One in five households in Britain has a ‘negative disposable income’

One in five households in Britain has a ‘negative disposable income’

One in five British households now have a “negative disposable income” where they are £60 short of meeting their essential needs such as rent, energy, food and transport.

Data compiled by the Center for Business and Economic Research (CBR) in the monthly Asda Income Tracker showed that the cost of living, which rose 11 per cent in the year to June, rose to a record 18 per cent. Declining percentage of household disposable income.

The fall means households now have £43.95 less per week, or £175.80 less per month, to spend on non-essential items than last year, with disposable income falling to just £200 per month after tax and other essentials. June was the eighth month in a row to see disposable income decline.

More worryingly, the bottom 20 per cent of households now have a negative disposable income of £60, meaning their income does not cover life’s basic needs.

Commenting on the cost of living for families, Mark Nalder, Head of Payments at Building Society Nationwide, said: guardian: “Following the peak in spending in May, our data suggests that households are starting to cut back across the board and where they can. This is happening as we enter the summer season where consumers will want to indulge themselves, so it will be interesting to see how these often conflicting interests are balanced.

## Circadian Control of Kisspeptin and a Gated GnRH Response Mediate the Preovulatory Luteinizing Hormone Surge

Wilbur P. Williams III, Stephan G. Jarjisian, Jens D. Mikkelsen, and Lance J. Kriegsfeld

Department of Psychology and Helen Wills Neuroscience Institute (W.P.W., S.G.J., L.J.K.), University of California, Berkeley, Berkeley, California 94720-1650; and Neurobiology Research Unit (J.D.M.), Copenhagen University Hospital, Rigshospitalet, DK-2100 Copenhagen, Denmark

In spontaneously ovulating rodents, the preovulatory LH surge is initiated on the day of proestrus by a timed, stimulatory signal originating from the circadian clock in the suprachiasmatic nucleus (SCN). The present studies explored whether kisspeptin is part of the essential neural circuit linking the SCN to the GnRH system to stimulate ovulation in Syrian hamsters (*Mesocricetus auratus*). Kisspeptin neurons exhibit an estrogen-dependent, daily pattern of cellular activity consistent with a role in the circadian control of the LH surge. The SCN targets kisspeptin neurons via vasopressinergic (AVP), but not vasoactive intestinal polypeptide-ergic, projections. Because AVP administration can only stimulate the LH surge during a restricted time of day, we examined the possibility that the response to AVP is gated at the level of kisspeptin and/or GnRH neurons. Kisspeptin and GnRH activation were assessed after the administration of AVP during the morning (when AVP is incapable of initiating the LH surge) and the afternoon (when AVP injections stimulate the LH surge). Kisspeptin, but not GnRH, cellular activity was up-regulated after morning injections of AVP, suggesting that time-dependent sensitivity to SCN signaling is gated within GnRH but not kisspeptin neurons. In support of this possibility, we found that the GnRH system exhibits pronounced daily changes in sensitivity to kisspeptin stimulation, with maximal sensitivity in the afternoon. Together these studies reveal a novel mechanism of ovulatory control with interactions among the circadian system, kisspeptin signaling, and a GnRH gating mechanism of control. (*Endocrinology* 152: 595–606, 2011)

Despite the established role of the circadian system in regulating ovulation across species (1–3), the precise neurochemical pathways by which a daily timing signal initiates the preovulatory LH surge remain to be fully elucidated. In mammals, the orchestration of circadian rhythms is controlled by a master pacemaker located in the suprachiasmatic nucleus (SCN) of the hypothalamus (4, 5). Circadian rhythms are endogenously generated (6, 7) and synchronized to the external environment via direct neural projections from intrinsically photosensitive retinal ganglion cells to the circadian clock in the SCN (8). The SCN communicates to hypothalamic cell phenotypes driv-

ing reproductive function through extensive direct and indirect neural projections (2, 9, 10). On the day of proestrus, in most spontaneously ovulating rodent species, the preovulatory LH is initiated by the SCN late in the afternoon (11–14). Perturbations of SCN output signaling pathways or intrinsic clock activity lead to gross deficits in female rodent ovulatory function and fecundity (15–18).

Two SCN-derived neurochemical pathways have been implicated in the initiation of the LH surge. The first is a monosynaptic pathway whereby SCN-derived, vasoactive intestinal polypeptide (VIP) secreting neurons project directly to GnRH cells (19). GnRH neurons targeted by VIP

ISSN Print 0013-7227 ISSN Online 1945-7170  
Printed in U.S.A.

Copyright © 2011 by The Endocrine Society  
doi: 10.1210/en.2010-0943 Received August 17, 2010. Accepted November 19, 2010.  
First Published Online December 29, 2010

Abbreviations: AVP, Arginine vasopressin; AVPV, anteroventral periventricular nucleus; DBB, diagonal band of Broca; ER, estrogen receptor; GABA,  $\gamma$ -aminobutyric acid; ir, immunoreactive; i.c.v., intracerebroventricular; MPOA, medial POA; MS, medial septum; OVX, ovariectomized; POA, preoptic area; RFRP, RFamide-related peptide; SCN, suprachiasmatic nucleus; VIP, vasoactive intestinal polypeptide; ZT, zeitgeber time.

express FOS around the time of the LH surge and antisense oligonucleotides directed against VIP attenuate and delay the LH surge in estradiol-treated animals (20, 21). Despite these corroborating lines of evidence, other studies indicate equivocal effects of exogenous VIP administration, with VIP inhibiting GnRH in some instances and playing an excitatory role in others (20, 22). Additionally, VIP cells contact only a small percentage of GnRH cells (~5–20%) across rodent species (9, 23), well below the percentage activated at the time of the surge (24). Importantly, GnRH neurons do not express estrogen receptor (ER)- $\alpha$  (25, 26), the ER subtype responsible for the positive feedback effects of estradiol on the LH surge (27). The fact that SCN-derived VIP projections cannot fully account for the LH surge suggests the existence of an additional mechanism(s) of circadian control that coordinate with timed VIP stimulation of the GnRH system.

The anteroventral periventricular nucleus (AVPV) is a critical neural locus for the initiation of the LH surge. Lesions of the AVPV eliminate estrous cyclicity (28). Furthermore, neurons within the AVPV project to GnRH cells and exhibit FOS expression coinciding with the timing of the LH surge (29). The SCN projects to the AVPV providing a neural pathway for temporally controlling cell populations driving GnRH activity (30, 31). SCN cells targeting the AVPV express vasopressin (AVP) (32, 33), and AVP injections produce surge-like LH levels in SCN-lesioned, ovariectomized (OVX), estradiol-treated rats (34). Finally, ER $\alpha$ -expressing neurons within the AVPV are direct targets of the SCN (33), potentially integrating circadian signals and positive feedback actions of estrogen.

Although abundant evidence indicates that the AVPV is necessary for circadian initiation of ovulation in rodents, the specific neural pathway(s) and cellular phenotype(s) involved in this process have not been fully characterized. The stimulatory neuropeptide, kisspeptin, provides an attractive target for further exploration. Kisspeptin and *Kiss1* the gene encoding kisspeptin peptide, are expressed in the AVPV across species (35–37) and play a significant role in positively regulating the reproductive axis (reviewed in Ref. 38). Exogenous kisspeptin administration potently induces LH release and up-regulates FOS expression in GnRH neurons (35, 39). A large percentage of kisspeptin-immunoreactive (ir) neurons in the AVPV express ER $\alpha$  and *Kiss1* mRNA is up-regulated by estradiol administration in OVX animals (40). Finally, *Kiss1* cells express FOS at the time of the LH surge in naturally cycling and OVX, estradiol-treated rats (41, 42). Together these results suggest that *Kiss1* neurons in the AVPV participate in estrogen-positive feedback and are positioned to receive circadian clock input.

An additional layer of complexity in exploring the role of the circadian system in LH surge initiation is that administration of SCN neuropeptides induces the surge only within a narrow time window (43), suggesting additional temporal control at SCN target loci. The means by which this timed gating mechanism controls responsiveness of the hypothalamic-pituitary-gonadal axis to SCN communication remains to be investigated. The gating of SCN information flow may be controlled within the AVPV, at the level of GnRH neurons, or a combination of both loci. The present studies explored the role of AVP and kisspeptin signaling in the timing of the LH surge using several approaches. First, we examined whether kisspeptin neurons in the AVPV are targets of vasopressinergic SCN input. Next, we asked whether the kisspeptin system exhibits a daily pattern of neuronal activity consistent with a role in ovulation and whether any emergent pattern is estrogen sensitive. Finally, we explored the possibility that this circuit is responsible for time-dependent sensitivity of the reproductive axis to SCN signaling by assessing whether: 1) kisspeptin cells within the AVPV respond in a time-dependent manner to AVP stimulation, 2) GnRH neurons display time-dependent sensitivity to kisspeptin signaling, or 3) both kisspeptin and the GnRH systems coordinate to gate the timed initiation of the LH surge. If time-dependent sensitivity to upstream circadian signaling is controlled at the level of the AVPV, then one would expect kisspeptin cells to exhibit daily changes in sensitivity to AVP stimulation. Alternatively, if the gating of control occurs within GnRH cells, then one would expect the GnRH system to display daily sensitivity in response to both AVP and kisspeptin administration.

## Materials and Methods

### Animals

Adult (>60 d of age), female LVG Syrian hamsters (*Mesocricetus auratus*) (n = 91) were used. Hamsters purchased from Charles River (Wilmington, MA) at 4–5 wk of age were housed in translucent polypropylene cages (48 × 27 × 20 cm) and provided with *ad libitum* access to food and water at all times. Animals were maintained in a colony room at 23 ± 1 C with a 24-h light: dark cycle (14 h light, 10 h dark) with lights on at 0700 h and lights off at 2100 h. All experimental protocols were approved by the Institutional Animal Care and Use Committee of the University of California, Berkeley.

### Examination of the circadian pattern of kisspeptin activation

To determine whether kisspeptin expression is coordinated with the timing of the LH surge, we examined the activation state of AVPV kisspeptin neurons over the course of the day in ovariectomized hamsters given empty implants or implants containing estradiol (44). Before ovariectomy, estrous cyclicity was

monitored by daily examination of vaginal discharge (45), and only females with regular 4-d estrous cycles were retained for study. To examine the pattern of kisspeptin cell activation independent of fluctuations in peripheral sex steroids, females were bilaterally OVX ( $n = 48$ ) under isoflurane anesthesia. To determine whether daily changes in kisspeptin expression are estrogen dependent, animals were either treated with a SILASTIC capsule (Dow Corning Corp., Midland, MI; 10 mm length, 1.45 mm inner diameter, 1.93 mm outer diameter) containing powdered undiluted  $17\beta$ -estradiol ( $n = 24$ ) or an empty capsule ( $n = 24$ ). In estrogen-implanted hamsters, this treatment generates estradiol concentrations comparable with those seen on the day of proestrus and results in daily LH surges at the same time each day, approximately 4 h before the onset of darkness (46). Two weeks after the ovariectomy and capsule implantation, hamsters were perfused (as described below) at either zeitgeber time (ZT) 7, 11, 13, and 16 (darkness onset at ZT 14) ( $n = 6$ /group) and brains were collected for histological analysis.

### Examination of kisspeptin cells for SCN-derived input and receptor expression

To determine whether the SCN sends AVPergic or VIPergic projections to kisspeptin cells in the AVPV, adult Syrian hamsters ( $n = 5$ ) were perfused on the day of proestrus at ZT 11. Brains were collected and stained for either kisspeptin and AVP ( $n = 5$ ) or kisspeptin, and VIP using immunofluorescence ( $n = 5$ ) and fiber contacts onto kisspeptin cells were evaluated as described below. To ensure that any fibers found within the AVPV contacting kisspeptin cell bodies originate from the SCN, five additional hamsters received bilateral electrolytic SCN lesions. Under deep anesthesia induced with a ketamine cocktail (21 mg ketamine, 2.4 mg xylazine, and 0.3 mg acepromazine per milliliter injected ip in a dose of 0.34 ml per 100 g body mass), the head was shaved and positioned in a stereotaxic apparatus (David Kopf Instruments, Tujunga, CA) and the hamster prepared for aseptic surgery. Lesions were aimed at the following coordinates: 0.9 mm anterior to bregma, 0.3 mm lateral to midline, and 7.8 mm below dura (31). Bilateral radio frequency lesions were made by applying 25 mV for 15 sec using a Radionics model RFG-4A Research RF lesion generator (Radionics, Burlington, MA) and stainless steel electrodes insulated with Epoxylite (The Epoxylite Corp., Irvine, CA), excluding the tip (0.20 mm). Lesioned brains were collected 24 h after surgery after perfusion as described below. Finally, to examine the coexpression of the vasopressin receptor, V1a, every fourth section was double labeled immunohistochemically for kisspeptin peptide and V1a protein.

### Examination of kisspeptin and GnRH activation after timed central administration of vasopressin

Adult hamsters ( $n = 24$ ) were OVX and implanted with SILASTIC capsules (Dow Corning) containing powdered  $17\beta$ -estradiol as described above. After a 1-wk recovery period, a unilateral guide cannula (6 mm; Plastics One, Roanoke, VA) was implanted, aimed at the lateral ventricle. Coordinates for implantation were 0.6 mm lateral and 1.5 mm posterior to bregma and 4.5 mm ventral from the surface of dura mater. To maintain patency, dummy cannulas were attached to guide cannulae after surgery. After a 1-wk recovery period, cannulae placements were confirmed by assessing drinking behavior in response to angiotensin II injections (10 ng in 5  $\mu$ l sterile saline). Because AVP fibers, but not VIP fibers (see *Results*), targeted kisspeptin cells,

“As we head into the holiday season, we expect the budget to continue to be a feature as the nation prepares for more spending as inflation continues to climb and the energy price cap increases again this fall.”

The economic pressure comes as real wages (excluding bonuses) fell at the fastest rate since records began in 2000, falling 3.7 percent in May.

As well as seeing their wages cut, Britons have also been hit by increased costs at the supermarket, with the average household seeing their grocery bill increase by £454 a year, as food inflation hit its highest level since the 2008 financial crisis. , food prices rose 9.9 percent this month

A political debate is currently raging over what to do about Britain’s growing economic crisis, with two candidates vying to replace Boris Johnson as leader of the Tory Party and therefore as prime minister, former chancellor Rishi Sunak and foreign secretary Liz Truss. Different answers to problems.

Truss argued for immediate tax cuts to ease the pressure on people trying to make ends meet, while Mr Sunak said tax rates — which reached a seventy-year high during his tenure as head of the Treasury — should be maintained until inflation is brought down, arguing that An increase in the discretionary spending power of the public will further increase inflation.

Follow Kurt Jindulka on Twitter here @Kurtzindulka

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